Wake up. Check blood sugar. Get ready for the day. Check blood sugar. Count carbs. Take insulin. Eat breakfast. Two hours later, check blood sugar. Damn, it?s high, correct. Two hours later, lunch, check blood sugar. Count carbs. Take insulin. Eat lunch. Two to three hours later, check blood sugar, number is good. Two hours later, want to exercise. Check blood sugar, a little low, drink some juice. Wait 15 minutes. Check blood sugar, good to exercise. One hour later, all done exercising, check blood sugar, its high! To correct or not correct! No correction. Count carbs. Take insulin. Eat dinner. Three hours later, check blood sugar. It?s high, correct. Bedtime. Midnight, wake up feeling weird. Check blood sugar, its 42. Drink juice/glucose tabs/anything I can find because I feel like crap. Wait 15 minutes. Check blood sugar, all good. Back to bed. 5AM, time to start this all over again.
This is a typical day for someone with diabetes. And then we wonder why people with diabetes get so frustrated or burnt out with the constant care. This is our life, day in and day out. 24 hours a day, 7 days a week, 365 days a year, diabetes is always there.
I have been diabetic for 16 years and to be honest, it took 10 years for me to even fully accept what this diagnosis asks of me everyday. This year, I had a glimmer of hope that maybe, just maybe, I was not really a type 1 diabetic, but some other genetic form. I started weaning off my insulin pump as I started on an oral medication. It seemed Ok at first, but I soon found out my body said ?NO Way, tricked ya!? I got those lab results back that confirmed I truly am type 1 diabetic. No matter how I look at it, or how I wish it away, there is no changing it.
So, why was it after having diabetes for 15 years, it is now like being diagnosed all over again. I feel that same ?Why me?? ?It?s not fair.? ?What does my future hold.? ?Will I end up with all those complications I always hear about?? I am struggling with that acceptance. Not the acceptance of the diagnosis itself, but the acceptance that this is my life, forever?day in and day out. There are no breaks, no vacations, because diabetes is always there.
In the world of diabetes care, there are 2 choices:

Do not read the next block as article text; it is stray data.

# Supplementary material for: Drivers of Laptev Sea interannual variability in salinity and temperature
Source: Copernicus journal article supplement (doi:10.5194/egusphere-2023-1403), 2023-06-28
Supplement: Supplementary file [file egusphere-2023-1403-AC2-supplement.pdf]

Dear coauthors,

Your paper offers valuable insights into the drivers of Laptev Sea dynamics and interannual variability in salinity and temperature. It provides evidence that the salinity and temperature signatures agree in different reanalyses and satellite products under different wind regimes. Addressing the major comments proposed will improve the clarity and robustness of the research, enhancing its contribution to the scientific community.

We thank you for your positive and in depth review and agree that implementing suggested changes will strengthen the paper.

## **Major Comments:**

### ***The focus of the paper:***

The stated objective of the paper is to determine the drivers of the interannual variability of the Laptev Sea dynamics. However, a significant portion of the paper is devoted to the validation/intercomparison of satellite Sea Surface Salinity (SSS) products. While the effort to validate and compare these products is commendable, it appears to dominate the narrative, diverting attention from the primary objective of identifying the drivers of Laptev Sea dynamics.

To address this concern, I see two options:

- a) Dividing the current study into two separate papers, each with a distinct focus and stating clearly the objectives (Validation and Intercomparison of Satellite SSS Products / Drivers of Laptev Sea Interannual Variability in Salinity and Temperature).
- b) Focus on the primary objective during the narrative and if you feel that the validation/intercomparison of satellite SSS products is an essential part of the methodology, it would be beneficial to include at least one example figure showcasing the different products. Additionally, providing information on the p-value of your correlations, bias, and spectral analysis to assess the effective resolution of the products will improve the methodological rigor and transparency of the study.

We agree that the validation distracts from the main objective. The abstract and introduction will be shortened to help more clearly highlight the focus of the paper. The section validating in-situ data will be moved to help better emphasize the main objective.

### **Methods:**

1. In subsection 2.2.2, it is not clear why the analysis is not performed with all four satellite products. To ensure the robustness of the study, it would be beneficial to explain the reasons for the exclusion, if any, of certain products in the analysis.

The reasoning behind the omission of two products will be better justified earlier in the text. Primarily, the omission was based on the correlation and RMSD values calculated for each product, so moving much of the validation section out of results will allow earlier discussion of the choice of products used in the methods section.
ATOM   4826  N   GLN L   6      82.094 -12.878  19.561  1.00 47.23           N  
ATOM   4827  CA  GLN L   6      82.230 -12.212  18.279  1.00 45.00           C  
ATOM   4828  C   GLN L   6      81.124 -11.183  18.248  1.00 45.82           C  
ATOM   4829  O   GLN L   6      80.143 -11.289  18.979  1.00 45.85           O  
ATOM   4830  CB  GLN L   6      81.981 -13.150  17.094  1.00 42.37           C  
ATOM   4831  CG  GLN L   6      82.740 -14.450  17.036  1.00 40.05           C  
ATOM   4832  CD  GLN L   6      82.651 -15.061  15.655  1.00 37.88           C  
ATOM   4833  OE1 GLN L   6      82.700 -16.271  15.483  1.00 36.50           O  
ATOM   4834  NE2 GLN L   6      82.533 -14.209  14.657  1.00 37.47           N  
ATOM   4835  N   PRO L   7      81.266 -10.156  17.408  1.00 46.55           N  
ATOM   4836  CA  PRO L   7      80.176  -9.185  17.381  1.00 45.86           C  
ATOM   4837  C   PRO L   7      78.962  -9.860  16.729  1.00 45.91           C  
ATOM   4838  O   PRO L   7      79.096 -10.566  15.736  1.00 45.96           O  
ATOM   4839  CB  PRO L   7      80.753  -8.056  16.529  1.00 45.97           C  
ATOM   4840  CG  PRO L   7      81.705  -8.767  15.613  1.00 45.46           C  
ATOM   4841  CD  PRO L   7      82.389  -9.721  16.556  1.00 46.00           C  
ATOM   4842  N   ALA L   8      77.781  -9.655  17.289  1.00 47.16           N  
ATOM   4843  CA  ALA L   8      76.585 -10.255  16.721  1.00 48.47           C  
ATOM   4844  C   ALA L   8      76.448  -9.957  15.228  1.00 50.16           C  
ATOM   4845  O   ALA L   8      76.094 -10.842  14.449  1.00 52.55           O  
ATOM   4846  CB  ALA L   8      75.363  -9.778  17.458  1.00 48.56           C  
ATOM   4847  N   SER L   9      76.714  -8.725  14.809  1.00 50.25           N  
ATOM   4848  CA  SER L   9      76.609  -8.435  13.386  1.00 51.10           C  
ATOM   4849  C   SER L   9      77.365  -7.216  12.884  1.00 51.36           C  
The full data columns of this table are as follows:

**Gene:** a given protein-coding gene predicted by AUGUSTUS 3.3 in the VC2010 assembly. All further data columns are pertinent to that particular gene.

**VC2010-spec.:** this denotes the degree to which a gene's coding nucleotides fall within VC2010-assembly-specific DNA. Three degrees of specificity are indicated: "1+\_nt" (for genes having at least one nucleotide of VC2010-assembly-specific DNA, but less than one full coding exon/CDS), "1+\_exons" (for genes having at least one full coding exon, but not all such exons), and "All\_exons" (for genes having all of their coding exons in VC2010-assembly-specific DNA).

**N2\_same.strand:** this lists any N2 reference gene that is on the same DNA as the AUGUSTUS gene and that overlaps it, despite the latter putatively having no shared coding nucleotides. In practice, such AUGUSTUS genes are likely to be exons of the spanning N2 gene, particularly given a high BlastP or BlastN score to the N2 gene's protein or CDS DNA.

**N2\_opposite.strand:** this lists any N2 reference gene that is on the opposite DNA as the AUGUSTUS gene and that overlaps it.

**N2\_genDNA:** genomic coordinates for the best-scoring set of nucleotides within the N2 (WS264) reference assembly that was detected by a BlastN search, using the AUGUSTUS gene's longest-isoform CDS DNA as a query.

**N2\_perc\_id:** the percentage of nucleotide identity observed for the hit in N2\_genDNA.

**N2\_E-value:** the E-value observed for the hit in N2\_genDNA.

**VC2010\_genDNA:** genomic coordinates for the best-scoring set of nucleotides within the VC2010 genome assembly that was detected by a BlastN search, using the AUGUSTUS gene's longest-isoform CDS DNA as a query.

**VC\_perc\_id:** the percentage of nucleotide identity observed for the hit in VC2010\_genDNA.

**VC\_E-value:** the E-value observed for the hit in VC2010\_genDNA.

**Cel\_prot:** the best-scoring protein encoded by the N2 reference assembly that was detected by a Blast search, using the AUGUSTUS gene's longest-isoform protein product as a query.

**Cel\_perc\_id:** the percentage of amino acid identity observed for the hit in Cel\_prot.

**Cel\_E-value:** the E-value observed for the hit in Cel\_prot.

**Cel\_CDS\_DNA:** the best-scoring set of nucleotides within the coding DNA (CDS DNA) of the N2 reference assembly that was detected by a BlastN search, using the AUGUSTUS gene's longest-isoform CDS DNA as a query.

1.) Do what you need to do, check your blood sugar, count your carbs, take your insulin, even if we don?t like it. All this to stay healthy and live a long life.
2.) Don?t do anything. Don?t take care of yourself. Get sick. Develop complications. Die way too early.
So for me the choice is easy. I will take care of my diabetes, whether I like it or not. I will do it for my family, for my husband, for my children, but most importantly, I will do it for me.
This year, I'll be taking part in JDRF's Walk to Cure Diabetes, along with one-half million other walkers across the country, as we try to reach our goal of raising $90 million. And for the first time, scientists are predicting that we CAN expect to see a cure well within our lifetime!
Now, more than ever, you can make a crucial difference. I am walking to help raise money for all those living with diabetes, to try and make their life just a little bit easier. Won't you please donate to JDRF and support me and my family in this lifelong journey? Together, we can make the cure a reality!
I hope that my story has touched you, and you will consider making a donation (any amount helps)! You can log onto www.walk.JDRF.org ( and select donate to a walker) or make a check payable to JDRF and mail to me at 25518 N 54th Lane, Phoenix, AZ 85083.
Thank you for your support!
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Mom and Dad
Mr. and Mrs. John and Kim Dent
Mrs. Kay West
Ms. Bonnie Moody
Ms. Francine Hoekstra
Ms. Staci Michelle West
Pediatric Endocrinology of Phoenix